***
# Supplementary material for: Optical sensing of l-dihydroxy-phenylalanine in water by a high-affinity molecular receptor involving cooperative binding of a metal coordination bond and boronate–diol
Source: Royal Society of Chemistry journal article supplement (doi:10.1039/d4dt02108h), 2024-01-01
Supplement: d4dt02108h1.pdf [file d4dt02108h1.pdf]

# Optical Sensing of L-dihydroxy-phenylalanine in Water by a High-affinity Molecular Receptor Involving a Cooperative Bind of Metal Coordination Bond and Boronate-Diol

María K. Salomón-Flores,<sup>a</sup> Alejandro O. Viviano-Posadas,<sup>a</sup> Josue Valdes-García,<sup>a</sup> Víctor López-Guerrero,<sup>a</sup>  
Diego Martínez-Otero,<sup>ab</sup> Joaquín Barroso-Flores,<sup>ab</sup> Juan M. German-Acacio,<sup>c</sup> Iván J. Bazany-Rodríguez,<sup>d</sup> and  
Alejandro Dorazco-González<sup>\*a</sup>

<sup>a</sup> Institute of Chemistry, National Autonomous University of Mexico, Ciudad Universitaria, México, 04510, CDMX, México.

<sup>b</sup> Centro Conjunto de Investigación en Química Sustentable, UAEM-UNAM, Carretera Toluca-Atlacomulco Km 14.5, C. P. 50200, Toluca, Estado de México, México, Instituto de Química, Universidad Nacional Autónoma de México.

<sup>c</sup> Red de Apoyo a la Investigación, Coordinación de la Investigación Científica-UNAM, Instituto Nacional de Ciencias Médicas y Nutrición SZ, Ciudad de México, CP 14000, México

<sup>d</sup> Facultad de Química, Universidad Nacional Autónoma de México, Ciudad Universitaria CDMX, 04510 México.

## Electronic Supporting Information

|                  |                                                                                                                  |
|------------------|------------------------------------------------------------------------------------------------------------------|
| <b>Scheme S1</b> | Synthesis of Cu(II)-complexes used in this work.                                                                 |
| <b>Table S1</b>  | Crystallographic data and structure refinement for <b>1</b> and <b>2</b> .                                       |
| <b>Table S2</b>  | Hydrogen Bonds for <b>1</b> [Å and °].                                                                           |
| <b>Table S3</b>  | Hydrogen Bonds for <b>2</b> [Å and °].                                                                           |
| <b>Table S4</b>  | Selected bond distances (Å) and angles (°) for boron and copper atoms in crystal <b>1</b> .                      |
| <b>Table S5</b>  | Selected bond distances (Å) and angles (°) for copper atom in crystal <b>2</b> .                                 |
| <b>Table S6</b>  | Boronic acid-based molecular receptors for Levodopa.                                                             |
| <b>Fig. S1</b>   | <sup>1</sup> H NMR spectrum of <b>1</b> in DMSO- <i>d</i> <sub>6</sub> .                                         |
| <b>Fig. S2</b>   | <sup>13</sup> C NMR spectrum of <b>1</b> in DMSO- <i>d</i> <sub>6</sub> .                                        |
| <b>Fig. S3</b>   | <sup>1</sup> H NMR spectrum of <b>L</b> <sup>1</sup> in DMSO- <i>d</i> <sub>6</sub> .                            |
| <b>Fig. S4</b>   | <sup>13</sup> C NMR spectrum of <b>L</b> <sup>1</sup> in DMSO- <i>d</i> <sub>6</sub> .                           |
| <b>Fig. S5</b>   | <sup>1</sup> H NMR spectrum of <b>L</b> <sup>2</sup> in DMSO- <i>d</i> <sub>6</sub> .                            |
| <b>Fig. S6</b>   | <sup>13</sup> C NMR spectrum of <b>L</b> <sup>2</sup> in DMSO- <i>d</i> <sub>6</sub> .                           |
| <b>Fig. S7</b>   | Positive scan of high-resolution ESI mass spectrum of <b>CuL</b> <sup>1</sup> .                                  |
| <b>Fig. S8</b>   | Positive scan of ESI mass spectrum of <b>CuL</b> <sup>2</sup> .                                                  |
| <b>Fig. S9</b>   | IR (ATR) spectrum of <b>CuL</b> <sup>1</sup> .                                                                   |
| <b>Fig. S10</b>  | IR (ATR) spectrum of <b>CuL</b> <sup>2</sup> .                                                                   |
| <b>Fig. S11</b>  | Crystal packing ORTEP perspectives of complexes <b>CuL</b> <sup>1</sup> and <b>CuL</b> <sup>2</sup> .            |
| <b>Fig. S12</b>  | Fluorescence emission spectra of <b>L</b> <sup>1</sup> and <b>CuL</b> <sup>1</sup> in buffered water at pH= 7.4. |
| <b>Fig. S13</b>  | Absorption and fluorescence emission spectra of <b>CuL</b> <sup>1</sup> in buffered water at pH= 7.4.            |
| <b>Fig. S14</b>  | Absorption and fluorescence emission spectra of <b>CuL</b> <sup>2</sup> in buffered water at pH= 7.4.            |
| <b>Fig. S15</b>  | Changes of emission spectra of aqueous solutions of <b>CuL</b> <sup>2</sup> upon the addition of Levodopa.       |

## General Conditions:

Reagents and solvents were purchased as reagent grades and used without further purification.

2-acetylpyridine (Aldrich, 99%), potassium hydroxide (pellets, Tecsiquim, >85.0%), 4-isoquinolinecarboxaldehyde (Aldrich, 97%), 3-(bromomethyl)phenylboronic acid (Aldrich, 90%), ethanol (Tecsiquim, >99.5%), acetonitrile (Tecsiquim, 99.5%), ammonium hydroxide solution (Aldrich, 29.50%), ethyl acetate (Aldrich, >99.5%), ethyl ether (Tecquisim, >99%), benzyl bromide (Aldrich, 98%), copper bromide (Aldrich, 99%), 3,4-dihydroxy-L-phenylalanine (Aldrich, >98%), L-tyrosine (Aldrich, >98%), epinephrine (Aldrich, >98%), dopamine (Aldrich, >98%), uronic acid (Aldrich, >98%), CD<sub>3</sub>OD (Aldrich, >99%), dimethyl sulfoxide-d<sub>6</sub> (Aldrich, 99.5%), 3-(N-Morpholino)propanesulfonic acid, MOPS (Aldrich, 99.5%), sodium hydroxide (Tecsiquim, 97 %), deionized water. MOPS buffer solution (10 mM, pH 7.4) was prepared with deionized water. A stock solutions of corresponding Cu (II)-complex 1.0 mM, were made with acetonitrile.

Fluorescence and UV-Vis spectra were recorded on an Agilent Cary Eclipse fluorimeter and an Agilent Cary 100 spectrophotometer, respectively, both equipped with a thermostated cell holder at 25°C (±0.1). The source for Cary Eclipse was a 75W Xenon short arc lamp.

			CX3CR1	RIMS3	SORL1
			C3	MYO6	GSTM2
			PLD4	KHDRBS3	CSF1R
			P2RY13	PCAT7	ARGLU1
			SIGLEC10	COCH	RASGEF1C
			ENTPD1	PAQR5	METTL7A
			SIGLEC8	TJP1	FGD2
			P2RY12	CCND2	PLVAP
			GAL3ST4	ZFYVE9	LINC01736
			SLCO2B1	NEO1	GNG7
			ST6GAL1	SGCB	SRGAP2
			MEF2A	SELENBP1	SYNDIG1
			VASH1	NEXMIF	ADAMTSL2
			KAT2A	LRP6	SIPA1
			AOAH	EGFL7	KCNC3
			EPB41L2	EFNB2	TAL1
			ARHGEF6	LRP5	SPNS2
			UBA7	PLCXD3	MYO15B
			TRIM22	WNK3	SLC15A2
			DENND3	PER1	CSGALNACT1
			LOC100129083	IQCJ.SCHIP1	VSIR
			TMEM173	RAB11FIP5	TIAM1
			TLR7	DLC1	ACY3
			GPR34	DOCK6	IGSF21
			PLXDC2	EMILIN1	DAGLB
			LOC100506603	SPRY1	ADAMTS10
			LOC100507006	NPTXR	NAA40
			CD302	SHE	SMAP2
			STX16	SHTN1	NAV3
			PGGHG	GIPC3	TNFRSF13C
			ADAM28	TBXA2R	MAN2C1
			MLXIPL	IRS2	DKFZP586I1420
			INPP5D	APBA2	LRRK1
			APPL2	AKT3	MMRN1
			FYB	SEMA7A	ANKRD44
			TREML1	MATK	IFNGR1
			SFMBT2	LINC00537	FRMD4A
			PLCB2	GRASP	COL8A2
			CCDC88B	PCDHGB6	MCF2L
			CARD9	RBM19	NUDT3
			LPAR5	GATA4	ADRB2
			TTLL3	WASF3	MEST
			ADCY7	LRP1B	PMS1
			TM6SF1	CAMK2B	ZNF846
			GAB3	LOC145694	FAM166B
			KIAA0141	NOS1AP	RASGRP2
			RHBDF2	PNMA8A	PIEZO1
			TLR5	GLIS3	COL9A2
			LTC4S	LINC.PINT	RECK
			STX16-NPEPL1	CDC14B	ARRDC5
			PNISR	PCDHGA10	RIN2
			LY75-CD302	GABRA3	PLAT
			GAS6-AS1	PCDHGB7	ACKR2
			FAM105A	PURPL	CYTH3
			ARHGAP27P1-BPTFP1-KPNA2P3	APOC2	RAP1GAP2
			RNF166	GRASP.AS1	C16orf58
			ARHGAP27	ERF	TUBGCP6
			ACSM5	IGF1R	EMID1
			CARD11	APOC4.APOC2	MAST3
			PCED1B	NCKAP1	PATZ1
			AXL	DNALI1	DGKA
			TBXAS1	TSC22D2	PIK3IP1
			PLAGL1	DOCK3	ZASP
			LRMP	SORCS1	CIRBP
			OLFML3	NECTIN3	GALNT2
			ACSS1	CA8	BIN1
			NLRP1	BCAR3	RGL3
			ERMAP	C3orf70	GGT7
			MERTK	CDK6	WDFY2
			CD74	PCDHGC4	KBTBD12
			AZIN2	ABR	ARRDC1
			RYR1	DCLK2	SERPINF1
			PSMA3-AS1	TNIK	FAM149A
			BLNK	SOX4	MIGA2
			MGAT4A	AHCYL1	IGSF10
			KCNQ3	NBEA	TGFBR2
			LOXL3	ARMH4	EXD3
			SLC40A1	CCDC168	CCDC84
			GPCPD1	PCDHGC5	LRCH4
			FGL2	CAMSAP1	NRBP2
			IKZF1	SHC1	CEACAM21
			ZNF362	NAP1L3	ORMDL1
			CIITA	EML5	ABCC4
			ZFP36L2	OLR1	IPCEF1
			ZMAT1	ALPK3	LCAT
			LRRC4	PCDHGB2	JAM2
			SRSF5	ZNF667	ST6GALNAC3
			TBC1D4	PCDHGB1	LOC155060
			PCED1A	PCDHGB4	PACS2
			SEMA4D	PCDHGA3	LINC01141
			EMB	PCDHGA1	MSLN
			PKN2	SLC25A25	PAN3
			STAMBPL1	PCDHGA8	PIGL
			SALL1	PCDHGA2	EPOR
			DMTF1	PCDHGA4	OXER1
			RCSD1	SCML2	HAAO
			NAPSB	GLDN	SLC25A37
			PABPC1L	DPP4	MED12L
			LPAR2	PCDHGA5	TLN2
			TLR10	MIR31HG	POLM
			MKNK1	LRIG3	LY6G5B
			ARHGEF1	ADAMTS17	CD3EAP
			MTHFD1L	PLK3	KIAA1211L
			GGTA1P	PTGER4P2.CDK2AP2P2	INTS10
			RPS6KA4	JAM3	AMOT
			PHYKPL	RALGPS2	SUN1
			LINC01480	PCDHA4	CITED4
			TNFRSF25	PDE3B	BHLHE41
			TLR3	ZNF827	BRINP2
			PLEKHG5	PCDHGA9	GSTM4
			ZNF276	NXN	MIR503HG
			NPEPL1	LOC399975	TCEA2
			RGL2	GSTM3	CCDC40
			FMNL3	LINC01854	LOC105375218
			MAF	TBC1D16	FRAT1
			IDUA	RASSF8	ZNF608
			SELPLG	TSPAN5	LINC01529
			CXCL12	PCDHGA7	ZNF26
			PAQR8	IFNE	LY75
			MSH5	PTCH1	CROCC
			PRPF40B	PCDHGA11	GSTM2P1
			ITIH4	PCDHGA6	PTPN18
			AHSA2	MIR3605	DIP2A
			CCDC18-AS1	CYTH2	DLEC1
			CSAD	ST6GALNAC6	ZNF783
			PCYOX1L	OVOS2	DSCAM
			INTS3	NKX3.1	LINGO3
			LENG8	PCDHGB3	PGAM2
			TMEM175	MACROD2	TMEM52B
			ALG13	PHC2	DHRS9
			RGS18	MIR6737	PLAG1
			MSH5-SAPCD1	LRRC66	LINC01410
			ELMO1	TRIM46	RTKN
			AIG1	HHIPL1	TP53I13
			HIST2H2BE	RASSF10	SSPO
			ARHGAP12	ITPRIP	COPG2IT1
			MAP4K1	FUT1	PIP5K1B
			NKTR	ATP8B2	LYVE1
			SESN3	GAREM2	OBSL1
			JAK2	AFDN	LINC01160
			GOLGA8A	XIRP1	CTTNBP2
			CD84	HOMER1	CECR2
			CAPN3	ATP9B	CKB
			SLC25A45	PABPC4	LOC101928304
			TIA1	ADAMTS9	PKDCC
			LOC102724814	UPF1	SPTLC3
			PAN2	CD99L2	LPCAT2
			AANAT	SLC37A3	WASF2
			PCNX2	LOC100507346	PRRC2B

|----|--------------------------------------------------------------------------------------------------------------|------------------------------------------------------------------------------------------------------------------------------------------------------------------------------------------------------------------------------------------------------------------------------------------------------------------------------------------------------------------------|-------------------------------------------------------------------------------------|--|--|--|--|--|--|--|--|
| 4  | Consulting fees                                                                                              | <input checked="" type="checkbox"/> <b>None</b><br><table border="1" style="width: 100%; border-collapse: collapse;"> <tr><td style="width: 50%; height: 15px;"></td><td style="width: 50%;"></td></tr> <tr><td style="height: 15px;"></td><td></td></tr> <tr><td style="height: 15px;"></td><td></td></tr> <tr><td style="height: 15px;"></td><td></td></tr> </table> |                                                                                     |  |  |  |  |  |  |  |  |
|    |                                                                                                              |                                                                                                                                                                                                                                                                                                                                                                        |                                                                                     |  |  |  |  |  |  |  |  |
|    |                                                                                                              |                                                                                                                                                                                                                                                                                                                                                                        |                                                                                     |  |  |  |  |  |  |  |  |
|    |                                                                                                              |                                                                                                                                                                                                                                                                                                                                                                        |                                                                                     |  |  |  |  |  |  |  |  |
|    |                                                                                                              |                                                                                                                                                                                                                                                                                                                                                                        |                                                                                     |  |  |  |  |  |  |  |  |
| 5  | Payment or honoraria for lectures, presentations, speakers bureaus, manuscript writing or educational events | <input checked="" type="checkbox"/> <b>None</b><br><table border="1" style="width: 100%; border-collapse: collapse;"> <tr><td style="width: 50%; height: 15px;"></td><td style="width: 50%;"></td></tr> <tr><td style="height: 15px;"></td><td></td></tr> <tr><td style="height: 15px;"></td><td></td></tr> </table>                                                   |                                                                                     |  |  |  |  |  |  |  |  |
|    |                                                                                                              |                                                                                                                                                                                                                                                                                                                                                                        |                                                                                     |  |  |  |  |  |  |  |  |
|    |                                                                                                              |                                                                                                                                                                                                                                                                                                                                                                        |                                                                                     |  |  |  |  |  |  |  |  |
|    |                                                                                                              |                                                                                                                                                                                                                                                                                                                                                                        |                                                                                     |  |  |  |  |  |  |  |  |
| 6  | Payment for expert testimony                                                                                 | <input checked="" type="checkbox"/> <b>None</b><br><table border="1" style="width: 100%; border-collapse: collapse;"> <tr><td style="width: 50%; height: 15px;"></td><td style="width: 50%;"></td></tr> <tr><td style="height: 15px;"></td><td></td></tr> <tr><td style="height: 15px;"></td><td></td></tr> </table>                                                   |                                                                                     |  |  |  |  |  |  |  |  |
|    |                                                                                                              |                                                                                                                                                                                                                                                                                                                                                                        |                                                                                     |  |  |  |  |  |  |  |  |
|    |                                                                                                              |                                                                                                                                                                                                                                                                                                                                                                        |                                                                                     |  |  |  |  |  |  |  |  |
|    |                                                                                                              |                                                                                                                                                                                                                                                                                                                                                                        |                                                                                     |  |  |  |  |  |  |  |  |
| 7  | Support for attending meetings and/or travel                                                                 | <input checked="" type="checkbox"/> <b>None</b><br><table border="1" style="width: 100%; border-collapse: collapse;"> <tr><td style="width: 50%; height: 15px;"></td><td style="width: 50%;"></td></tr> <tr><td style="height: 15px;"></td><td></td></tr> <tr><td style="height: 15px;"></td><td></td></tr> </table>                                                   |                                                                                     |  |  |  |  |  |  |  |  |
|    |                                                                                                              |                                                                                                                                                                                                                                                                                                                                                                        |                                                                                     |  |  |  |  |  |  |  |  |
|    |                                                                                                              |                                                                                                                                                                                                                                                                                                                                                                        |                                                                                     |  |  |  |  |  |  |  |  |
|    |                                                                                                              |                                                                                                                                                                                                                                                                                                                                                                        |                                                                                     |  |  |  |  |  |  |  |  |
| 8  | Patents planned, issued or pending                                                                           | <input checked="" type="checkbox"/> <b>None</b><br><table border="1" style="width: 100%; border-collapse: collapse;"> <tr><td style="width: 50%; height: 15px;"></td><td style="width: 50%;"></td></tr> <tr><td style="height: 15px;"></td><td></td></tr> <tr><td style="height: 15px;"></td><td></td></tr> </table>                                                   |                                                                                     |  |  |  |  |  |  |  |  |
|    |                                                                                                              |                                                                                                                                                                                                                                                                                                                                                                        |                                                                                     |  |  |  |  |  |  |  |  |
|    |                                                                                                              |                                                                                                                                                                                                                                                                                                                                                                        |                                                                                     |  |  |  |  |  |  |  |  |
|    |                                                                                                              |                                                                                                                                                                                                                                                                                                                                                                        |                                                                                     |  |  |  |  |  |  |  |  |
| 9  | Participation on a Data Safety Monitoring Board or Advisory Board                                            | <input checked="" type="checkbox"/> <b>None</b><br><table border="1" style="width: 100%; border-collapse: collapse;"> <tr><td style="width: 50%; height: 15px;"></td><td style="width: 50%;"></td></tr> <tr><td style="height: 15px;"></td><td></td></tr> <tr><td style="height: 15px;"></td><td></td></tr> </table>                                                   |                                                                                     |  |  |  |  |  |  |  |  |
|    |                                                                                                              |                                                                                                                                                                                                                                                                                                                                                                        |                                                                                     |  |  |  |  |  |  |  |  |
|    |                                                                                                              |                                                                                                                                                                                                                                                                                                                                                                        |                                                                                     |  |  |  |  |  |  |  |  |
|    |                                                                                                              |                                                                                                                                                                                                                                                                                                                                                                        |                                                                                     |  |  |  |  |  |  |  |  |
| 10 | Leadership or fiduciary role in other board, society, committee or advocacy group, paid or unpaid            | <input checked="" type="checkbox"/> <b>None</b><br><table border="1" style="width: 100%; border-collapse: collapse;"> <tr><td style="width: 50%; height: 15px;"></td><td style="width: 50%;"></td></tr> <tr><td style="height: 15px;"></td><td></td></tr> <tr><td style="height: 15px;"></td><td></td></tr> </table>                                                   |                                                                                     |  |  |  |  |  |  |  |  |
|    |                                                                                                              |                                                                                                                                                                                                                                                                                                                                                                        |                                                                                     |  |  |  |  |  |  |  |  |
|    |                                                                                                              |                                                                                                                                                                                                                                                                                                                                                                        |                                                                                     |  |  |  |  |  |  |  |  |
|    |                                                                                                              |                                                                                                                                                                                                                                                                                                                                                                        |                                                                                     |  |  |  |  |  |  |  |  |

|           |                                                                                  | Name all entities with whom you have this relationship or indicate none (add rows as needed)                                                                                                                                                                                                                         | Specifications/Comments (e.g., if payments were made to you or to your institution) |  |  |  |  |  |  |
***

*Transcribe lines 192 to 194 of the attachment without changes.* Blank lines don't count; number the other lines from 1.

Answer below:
|    |                                                                                                              |                                                                                                                                                                                                                                                                                                                                                                        |                                                                                     |  |  |  |  |  |  |  |  |
|    |                                                                                                              |                                                                                                                                                                                                                                                                                                                                                                        |                                                                                     |  |  |  |  |  |  |  |  |
|    |                                                                                                              |                                                                                                                                                                                                                                                                                                                                                                        |                                                                                     |  |  |  |  |  |  |  |  |